Shannon Ingraham, Observing Magic

I visited Shannon Ingraham’s studio about a month ago. There has been so much going on, I suppose that it has been difficult to carve out time to post this studio visit. Then I looked at these pictures again and was really moved by the images and thought it might have been something else. I took these pictures with my old camera and it might be out of wanting to do justice to these beautiful paintings, that I delayed the post. I am posting it now, realizing that I am not a documentarian other than presenting a secret side of local artists that not many people see. It is not about the paintings, it is about the artist and the way and place where she makes work.

Click on each image to enlarge. Scroll below to read an interview with Shannon.

Obi: What is your relationship to Realism? When and how did you learn to paint animals so finely?
Shannon: I suppose, that I consider myself a Magical Realist. Magical Realism introduces elements of the fantastic into reality, without questioning logic. People are more likely to believe in the fantastic if it can fit in seamlessly within their perception and understanding of the world. As such, the ability to render is integral to this genre of painting. My technical skills thus far, have been achieved through years of practice and observation…and after an expanse of time painting in miniature, extreme tests of patience.

Obi: Where do these animals comes from? There is almost a Totemic power in each painting, right?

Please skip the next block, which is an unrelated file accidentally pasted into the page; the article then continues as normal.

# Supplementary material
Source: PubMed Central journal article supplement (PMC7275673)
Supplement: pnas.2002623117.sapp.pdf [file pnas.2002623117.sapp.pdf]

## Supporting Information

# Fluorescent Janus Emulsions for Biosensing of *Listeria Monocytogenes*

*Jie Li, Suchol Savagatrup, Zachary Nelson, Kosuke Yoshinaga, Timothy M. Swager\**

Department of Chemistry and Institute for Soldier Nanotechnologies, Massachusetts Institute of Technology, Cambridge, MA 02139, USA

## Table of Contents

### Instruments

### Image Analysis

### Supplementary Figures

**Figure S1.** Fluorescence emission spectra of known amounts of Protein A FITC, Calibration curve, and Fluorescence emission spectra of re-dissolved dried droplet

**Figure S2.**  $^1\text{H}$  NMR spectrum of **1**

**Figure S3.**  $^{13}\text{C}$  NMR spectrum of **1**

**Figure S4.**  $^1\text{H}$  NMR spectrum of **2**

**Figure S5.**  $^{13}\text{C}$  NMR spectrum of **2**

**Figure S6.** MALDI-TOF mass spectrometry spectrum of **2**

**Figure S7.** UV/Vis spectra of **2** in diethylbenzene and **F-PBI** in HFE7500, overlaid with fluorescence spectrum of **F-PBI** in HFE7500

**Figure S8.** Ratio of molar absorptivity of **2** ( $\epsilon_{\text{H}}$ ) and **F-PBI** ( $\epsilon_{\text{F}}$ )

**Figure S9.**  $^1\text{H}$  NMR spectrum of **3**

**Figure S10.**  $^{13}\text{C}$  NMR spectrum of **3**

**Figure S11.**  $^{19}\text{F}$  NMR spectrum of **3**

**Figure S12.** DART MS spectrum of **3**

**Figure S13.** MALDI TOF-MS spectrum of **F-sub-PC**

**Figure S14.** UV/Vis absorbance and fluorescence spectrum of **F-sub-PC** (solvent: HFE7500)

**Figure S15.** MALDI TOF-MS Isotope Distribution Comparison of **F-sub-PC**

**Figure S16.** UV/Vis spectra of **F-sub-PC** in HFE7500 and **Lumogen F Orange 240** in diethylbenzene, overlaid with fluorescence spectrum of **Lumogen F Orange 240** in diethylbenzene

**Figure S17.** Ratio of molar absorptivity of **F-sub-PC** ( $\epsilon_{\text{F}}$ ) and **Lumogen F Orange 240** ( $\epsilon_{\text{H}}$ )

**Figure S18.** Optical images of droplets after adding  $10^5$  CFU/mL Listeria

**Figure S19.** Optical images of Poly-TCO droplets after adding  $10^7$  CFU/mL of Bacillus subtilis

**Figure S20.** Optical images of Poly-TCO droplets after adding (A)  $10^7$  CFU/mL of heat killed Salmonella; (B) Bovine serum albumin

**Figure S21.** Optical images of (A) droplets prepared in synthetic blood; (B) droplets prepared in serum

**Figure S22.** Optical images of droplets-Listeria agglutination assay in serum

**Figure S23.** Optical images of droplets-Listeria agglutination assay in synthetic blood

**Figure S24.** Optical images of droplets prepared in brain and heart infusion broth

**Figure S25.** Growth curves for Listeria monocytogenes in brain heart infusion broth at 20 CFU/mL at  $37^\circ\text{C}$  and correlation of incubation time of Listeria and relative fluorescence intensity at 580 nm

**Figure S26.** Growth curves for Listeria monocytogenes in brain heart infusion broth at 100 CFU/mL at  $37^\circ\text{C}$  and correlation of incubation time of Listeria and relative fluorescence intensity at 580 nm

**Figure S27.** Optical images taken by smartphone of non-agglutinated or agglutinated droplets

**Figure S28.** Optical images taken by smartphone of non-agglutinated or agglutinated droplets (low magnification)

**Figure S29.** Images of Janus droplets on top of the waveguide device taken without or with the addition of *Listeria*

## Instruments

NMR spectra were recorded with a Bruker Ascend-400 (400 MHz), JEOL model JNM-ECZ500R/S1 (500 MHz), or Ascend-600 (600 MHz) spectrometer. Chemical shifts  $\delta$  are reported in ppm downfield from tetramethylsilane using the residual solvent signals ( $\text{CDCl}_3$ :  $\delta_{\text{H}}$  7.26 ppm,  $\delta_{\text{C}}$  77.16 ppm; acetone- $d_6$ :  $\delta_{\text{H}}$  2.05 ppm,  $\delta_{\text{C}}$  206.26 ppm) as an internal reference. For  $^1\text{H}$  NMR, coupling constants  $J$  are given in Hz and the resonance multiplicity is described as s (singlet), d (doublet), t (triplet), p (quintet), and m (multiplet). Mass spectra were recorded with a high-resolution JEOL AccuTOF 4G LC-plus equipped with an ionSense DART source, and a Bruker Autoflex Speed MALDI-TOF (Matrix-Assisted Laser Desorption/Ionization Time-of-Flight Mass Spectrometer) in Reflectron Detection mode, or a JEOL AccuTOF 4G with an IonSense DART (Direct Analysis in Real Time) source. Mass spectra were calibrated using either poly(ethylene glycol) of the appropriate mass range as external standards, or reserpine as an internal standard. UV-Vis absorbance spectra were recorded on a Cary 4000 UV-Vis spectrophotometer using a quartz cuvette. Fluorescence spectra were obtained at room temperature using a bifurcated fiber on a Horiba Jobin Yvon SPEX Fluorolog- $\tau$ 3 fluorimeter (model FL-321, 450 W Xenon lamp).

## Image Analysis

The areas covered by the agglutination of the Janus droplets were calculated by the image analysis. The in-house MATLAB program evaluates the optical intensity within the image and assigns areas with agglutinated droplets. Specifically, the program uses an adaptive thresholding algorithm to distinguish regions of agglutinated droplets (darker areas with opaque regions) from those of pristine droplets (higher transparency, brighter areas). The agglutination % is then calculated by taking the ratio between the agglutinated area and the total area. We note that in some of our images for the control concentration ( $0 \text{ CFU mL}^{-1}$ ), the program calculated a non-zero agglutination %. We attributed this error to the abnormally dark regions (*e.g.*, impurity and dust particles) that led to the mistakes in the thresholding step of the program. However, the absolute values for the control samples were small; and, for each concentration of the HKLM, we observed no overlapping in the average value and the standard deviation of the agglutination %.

Shannon: There is something overwhelmingly powerful about animals. I am definitely someone who identifies with the feral and tameless qualities of wild things. Although I have a tendency to paint (what are generally considered to be) the beasts and scavengers of nature, I choose to paint them with integrity, beauty, and magic. In that light, yes, I suppose that they do represent some kind of personal symbology. Possibly, the idea that even the monstrous can be understood/seen by something other than their actions.

Obi: I see an almost ecological message implicit in your imagery. Is there a political dimension to your work?
Shannon: I don’t think I convey any direct political agenda within the context of my work. However, I do believe that my work places strong emphasis on the resplendent qualities of the natural world, as well as the possibilities of the imaginary. If anything, I can say that my work places importance on respectfulness, and understanding of nature.

You can possibly own Shannon’s work by subscribing to ART IN A BOX, where she is a participating artist.


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